Given the backdrop of the increasingly multifaceted leadership crises that the continent of Africa continues to face, in contrast to the character, personate agitations, and somewhat purposeful leaderships of immediate post-independence governments of the continent, one can only wonder who is in charge of bleeding Mama Africa today.
The other day, the question of how European colonial powers left the continent and, on whose hands, struck me. “We gained independence … we are in charge”, I thought, ardently endeavoring to persuade myself.
Neither my love for the continent, nor the pride of my Africanness, nor my respect and admiration for some of the great visionary contemporary leaders of the continent could save me from violently disagreeing with the thought that came independence, WE are truly in charge of shaping our destiny as a people.
One cannot say, certainly not me, that the African is liberated, except if liberation should ordinarily mean the absence of repressive physical domination. However, such should not genuinely be the narrow perception of liberation which a people literally trapped in gutters of subjugation should adopt to themselves.
The need for Africans to give meaning to independence has been and continues to be a subject of numerous scholarly considerations and political rhetoric. Those interested in the true liberation of the continent must take a new approach by highlighting and speaking to the factors of leadership crises that almost declare our independence worthless.
Among the blunt self-inflicted psychological factors, that Europeans attempted to use futilely to justify their inhuman history of the Transatlantic-Slave-Trade, colonialism, and imperialism was/is the (mis)conception that Africans cannot govern themselves.
If these claims were to be gauged per the ‘ability’ of the average leadership of the continent, they would absolutely be right about the general lack of “ability” in the leadership to govern and to lead their people in the manner so required and desired but save for the unconventional truth that “the minds”, and “interest” of the majority of these leaders are else were, in the West. If anything, the appropriate satirical descriptive term to associate with them is colonial clerks. Colonial clerks, positioned in colonial structures to serve the interest of the colonial or neocolonial masters… politely, against their people, race, and continent.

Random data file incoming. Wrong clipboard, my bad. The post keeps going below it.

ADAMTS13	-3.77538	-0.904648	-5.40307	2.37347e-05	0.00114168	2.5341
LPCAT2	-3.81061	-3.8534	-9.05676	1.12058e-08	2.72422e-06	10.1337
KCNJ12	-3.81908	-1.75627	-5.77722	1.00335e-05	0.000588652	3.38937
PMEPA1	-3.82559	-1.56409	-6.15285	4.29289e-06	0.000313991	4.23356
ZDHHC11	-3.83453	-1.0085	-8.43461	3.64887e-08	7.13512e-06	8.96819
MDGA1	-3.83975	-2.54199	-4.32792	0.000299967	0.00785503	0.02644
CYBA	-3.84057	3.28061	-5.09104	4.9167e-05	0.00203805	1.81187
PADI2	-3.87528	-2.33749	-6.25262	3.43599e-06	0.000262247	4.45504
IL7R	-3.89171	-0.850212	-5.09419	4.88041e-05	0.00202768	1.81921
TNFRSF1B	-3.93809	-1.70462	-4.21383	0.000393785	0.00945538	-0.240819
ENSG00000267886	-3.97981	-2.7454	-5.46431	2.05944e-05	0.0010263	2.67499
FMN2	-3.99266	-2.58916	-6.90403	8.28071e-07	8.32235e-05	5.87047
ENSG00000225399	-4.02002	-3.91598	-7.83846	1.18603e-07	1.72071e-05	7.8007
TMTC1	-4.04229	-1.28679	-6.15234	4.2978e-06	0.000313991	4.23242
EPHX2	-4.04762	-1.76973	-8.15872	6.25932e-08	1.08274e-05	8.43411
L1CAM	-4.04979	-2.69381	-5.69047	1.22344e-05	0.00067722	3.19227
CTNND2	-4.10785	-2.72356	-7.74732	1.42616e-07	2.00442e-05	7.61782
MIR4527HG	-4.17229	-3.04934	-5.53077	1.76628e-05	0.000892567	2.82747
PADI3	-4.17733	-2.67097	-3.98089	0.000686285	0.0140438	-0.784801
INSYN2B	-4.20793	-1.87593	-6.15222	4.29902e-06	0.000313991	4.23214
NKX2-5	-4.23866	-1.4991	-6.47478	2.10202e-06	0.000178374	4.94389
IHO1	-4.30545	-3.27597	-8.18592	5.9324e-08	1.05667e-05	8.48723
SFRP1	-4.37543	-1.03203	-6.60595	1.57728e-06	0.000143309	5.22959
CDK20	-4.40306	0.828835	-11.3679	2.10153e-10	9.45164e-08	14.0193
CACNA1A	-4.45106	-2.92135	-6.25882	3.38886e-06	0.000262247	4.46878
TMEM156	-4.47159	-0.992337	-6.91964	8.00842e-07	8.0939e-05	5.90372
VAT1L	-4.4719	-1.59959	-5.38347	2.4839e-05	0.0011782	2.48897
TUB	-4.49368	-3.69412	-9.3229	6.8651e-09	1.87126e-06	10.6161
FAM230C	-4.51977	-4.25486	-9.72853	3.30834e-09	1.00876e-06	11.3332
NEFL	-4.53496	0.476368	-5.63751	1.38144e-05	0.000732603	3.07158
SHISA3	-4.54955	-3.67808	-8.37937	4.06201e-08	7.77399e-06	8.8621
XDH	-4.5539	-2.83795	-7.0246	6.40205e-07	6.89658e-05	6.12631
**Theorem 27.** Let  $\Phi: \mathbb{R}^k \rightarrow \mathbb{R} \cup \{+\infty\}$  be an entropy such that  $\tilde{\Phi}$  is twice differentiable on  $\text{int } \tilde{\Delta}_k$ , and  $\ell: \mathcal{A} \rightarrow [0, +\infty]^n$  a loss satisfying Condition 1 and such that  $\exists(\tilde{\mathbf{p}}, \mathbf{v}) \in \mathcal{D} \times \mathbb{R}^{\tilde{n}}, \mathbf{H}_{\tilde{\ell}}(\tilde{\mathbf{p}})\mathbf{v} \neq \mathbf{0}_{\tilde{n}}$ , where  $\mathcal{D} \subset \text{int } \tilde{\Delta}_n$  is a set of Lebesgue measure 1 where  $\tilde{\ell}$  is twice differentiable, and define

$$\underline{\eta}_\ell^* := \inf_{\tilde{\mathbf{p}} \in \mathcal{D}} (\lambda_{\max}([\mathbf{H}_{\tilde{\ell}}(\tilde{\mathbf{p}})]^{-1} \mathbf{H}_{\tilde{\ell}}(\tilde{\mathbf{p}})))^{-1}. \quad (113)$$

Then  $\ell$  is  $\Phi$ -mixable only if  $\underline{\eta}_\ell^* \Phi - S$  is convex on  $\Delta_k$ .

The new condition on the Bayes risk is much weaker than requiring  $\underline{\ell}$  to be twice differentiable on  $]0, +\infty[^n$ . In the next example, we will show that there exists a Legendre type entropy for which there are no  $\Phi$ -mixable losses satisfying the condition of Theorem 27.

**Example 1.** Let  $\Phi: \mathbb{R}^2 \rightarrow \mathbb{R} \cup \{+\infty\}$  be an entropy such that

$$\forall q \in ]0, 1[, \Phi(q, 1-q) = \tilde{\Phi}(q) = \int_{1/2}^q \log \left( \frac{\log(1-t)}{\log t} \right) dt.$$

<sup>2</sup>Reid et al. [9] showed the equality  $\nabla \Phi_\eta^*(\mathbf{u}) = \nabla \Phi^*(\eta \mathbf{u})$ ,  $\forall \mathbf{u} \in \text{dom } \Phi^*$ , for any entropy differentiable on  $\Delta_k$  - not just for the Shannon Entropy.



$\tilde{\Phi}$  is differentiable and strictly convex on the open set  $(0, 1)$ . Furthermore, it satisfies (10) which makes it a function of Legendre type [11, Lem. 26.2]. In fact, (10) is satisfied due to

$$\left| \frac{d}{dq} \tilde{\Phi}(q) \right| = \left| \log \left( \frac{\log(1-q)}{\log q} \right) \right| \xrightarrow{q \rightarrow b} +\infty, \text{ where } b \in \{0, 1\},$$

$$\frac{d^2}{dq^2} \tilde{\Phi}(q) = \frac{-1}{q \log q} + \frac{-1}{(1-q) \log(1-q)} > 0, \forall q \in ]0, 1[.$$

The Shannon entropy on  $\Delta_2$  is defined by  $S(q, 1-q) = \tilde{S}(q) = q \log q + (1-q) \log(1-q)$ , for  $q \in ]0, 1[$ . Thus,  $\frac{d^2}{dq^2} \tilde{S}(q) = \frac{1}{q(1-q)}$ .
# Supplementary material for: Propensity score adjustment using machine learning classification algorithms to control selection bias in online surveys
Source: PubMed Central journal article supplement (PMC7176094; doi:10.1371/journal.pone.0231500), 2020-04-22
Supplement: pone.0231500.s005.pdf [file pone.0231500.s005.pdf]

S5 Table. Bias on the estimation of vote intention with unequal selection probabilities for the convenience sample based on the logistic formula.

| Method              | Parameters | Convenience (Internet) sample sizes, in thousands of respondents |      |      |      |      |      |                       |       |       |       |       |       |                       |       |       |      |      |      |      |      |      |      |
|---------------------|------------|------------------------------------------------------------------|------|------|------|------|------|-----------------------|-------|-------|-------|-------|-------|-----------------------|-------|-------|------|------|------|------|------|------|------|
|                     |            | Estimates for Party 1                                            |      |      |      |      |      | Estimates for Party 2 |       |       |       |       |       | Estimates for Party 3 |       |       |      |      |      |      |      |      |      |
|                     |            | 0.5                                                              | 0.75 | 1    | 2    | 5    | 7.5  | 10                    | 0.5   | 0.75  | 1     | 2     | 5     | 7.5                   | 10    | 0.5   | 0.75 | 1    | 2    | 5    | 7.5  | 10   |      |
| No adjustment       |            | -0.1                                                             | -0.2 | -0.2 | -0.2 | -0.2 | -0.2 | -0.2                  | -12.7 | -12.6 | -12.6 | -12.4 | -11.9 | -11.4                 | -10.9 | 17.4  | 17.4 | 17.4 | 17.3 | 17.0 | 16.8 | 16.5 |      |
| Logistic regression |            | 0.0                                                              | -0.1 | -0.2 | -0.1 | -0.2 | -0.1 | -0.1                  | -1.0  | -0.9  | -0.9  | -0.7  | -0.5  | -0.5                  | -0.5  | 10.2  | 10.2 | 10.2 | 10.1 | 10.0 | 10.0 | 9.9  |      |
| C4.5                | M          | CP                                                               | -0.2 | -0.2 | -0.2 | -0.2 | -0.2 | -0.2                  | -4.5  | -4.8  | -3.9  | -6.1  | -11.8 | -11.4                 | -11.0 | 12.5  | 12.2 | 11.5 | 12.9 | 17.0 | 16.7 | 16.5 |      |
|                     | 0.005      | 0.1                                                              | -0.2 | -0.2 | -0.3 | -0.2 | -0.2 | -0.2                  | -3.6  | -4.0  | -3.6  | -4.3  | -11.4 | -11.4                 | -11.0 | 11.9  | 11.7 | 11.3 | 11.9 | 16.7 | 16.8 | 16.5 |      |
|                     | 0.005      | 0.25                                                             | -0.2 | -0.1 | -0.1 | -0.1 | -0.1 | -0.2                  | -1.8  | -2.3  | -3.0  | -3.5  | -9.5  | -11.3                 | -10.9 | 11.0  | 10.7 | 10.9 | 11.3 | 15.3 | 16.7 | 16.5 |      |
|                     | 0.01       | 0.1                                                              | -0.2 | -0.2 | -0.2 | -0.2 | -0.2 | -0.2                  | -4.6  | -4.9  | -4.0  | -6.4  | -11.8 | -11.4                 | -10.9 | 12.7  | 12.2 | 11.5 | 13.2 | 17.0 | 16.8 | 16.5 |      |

There is need for all to appreciate the sophisticated nature of the colonial and imperial enterprise to distinguish the factors in play, and why the continent continues at the state it is. The first assignment of the colonial ruler was to destroy native institutions that best reflect the culture of the Africans. ‘Culture’ as used here infers to the ‘totality of the life of the people’; as argued by Walter Rodney, the great foremost assassinated pan African thinker.
What followed the destruction of the African governance structure was the imposition of the colonizers’ alien system much of which contradict many fibers of the makeup of our societies. They used few ‘colonial clerks’ (and this includes ceremonial chiefs) as aids to completely institute a brutal exploitative racial- political rule.
In the final phase, when colonialism began to lose its shine, they left physically but installed puppets, colonial clerks only to rule the continent through these colonial clerks. Thus, these colonial clerks, while they are supposedly statemen, the fairest extent they are truly statemen ends in the dramatic imitation of their colonial masters but are mostly, truly puppets-agents of Western imperialists.
Like all puppets, they are fed and filled with the “ideals and principles” of the European/neo-colonial masters which were tactically designed to empower the continuous domination, and impoverishment of the continent.
While impoverishment, frustration, and underdevelopment compound among the political subjects of the continent who desperately yearn for honest and reliable leadership, they continue without sympathy to govern in service of the “ideals and principles” of the neo-colonial forces, reflecting the same, and sometimes characters worst than the colonial powers.
The scary shadows of European domination, it seems, not to have left the continent. It continues to spread and multiply within the monuments of western domination like our education system, Western media, Bretton Wood Institutions, and other extractive institutions such that even the leadership of the continent is overtaken and managed by and from Washington, Buckingham Palace, Paris, Saudi Arabia, and lately China.
It cannot, therefore, be said that the African leader is fully in charge of the continent. The cancerous tentacles of imperialists forces have spread throughout the continent, in our political and economic system, in our education system, in our elites, and in the leadership of the continent. In a word, what is in question is the psyche of many professed leaders of the continent in power. Consequently, one should not wonder when our leaders give the impression that they care about us, while their actions and decisions are constantly made in favor of the West. It is the West influencing, deciding, still!
A new and vigorous approach to the problem of the leadership of the continent is needed. The time has come when the psyche of our leaders should be a principal concern to all of us. We must be examined their psyche. And I dare say in any instance, colonial clerks, should be no option for the entrustment of power. They are colonizers.